Visit Pamela H. Bender at http://www.pamelahbender.com/ and http://pamelahbender.wordpress.com

Review by Beth Fowler, author of the beloved, coming-of-age novel “Ken’s War.”

Visit https://www.facebook.com/kenswar.

 ken's war coverWhen teen rebellion & culture shock collide. Shop here: Ken’s War

Ken’s War is vibrant with authority … Fowler’s elegantly written novel risks exploring the full range of teenage behavior and emotion.” Nancy Springer, award- winning author of YA books.

 

 

 

Turn Life into Income with Creative Nonfiction: Part 2

Beth Fowler headshotPublishers of memoirs, autobiographies, personal essays, travelogues and themed anthologies buy creative nonfiction. So do newspaper and magazine editors. Browse bookstores, including quirky independent stores and university bookstores, to find markets that publish creative nonfiction.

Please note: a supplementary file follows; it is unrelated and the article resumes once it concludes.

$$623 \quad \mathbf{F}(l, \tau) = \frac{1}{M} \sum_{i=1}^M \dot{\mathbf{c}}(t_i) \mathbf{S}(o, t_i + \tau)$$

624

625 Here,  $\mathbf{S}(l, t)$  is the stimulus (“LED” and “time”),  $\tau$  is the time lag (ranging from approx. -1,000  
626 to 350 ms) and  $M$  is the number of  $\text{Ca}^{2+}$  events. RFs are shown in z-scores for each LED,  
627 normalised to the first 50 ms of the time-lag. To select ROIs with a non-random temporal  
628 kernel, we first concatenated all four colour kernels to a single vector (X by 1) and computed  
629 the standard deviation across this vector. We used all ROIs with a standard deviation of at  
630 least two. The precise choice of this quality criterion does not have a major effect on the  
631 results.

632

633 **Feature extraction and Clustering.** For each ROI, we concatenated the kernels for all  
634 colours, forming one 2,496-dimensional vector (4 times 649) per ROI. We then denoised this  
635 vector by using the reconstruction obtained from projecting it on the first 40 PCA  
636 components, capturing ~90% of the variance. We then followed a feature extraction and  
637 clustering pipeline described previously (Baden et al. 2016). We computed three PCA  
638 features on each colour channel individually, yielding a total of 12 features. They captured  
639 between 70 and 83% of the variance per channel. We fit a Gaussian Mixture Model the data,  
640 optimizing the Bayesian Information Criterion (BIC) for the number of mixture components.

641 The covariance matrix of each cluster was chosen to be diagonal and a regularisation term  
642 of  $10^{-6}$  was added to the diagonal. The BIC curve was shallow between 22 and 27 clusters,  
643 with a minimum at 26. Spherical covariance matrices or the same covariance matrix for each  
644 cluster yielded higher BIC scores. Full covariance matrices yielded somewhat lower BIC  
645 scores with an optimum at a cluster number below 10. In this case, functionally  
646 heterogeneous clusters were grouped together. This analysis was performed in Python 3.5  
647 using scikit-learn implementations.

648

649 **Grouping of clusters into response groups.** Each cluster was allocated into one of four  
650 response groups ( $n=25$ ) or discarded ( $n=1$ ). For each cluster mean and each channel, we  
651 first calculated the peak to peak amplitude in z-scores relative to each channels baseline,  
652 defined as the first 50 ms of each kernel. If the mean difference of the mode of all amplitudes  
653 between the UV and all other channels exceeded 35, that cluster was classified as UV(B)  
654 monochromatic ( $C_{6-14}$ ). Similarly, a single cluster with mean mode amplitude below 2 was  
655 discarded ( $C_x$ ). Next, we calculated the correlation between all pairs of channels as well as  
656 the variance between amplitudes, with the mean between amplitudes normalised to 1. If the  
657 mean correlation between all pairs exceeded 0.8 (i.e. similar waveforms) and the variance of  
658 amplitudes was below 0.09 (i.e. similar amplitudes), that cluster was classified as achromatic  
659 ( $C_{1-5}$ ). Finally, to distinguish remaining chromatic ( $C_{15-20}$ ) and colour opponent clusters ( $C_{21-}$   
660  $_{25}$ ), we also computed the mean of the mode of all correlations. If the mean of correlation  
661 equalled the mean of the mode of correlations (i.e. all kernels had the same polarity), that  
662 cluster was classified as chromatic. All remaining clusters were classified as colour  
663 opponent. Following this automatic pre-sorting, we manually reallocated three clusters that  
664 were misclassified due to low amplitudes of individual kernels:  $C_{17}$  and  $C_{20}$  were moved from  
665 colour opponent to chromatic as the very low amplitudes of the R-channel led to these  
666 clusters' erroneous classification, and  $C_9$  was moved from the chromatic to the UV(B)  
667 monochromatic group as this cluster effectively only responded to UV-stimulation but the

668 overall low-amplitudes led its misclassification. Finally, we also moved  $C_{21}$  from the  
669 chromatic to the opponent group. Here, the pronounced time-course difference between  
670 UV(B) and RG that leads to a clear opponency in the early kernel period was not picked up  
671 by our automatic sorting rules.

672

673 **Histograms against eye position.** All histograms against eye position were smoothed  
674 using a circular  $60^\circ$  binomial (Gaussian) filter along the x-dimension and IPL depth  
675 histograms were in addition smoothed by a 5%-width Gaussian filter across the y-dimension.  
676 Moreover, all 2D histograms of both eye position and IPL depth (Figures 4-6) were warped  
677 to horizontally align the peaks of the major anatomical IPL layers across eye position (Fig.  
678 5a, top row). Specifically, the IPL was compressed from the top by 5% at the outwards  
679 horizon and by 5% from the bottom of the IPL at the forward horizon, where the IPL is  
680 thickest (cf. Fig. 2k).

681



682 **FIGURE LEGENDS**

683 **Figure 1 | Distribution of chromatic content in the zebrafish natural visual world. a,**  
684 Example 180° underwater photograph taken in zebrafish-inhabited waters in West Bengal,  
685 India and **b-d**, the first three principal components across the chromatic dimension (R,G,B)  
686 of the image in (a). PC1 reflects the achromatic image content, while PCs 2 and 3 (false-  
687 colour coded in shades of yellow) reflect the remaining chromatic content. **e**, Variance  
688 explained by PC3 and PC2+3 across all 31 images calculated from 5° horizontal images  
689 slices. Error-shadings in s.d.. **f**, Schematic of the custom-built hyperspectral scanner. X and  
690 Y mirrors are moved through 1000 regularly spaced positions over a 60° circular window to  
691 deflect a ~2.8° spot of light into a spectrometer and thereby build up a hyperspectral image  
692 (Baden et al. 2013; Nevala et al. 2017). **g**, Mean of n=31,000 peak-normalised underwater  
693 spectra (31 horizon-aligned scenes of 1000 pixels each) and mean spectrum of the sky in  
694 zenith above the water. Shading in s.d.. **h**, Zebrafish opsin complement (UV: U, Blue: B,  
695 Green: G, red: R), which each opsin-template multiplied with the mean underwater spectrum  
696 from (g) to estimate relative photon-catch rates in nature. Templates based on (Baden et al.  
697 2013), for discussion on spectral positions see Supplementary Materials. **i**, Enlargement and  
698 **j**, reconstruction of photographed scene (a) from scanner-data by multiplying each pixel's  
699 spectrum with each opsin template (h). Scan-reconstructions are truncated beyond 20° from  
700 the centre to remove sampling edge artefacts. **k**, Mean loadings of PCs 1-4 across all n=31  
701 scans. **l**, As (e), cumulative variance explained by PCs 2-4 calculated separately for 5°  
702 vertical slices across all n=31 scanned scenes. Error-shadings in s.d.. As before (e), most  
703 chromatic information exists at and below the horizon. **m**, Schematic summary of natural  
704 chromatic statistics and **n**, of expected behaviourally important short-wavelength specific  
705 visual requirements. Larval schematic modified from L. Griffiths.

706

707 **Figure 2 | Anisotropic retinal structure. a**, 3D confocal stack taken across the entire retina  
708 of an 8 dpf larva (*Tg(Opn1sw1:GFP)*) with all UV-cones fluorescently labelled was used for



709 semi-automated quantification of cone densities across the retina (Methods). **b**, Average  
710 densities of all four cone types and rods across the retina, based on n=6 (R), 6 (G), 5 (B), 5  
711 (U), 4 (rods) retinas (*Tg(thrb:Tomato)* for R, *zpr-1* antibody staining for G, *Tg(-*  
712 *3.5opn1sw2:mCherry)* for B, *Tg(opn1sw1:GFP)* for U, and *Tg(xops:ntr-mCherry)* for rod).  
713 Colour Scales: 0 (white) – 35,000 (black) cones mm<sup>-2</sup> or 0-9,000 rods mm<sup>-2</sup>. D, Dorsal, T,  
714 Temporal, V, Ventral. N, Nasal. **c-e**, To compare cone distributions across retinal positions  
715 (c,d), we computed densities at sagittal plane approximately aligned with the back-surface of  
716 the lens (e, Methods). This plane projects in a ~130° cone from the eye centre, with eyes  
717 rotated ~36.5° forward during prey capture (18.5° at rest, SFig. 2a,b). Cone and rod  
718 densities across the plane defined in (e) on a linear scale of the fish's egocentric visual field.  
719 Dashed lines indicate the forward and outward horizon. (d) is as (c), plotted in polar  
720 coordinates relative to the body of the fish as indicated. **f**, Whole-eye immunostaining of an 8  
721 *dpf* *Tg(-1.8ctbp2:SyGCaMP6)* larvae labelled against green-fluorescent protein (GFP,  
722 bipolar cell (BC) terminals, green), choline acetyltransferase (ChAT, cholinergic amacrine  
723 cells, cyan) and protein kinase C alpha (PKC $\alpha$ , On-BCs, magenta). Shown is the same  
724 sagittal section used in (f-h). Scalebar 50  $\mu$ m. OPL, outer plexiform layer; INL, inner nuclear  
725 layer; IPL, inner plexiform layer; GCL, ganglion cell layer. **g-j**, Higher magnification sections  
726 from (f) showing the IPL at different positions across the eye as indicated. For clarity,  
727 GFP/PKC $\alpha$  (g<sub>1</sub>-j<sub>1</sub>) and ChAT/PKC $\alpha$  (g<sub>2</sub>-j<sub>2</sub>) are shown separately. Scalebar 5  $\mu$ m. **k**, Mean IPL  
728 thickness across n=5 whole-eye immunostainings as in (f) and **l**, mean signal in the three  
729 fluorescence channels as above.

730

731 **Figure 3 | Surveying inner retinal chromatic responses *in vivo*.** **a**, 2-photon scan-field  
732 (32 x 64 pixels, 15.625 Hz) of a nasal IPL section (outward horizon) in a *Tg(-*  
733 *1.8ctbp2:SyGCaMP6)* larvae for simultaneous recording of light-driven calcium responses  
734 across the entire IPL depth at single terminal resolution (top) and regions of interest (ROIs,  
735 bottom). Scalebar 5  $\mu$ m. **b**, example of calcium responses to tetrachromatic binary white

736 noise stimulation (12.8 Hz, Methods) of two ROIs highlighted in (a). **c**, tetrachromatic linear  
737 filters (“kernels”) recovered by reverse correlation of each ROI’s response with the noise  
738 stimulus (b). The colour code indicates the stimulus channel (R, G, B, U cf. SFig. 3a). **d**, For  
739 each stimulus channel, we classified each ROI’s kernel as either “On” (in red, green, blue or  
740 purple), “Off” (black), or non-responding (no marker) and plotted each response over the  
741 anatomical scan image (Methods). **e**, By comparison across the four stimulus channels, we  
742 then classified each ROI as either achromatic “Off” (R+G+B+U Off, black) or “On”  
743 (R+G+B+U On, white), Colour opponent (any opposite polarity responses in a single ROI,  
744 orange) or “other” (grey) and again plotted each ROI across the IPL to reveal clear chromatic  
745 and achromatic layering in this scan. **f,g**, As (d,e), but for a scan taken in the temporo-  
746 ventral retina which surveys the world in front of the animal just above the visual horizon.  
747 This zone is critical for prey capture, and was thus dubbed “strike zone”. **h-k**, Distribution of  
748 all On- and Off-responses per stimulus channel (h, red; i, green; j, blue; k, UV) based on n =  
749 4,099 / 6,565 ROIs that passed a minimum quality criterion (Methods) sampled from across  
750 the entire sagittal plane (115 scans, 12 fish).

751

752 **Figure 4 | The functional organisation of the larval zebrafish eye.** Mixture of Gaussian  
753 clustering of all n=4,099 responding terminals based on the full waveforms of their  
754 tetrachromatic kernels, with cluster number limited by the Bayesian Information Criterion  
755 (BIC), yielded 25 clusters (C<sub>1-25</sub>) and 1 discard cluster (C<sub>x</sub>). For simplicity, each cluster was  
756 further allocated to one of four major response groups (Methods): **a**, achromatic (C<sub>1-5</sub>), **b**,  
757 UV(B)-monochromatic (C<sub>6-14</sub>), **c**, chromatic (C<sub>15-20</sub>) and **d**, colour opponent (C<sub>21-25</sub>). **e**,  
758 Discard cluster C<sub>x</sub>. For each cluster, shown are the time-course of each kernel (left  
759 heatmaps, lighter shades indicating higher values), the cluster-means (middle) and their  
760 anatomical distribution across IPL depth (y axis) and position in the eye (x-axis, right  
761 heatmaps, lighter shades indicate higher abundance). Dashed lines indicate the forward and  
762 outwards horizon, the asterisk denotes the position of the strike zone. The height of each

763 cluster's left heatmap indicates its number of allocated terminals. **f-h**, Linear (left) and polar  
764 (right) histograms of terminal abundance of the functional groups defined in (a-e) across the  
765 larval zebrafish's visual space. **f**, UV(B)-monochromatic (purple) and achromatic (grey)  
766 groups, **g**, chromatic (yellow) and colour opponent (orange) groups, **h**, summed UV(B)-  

Periodical editors suggest (plead) with authors to “be familiar with our publication before submitting your work.” One creative nonfiction author subscribes to a different literary magazine each year to get a feel for what magazines publish. The flavor of stories in the Chicken Soup for the Soul series is different from stories in “Rosebud.”

Editors who consider creative nonfiction manuscripts want a strong theme or narrative that serves as a unifying thread through the story. Writers must be disciplined and ruthlessly trim passages that don’t support the theme.

If you think you have a memoir in you, read others’. Larry Brown’s On Fire, J.R. Moehringer’s Tender Bar, and Louis Erdrich’s The Blue Jay’s Dance are examples of the genre.

Carol Crawford, coordinator for the Blue Mountain (North Carolina) Writers’ Conference says, “Write small.” Narrow down the focus of the story to draw readers in. The biggest mistake most beginning nonfiction writers make is giving too much information. To help writers zero in on a theme, Crawford asks writers to sum up their stories in six words.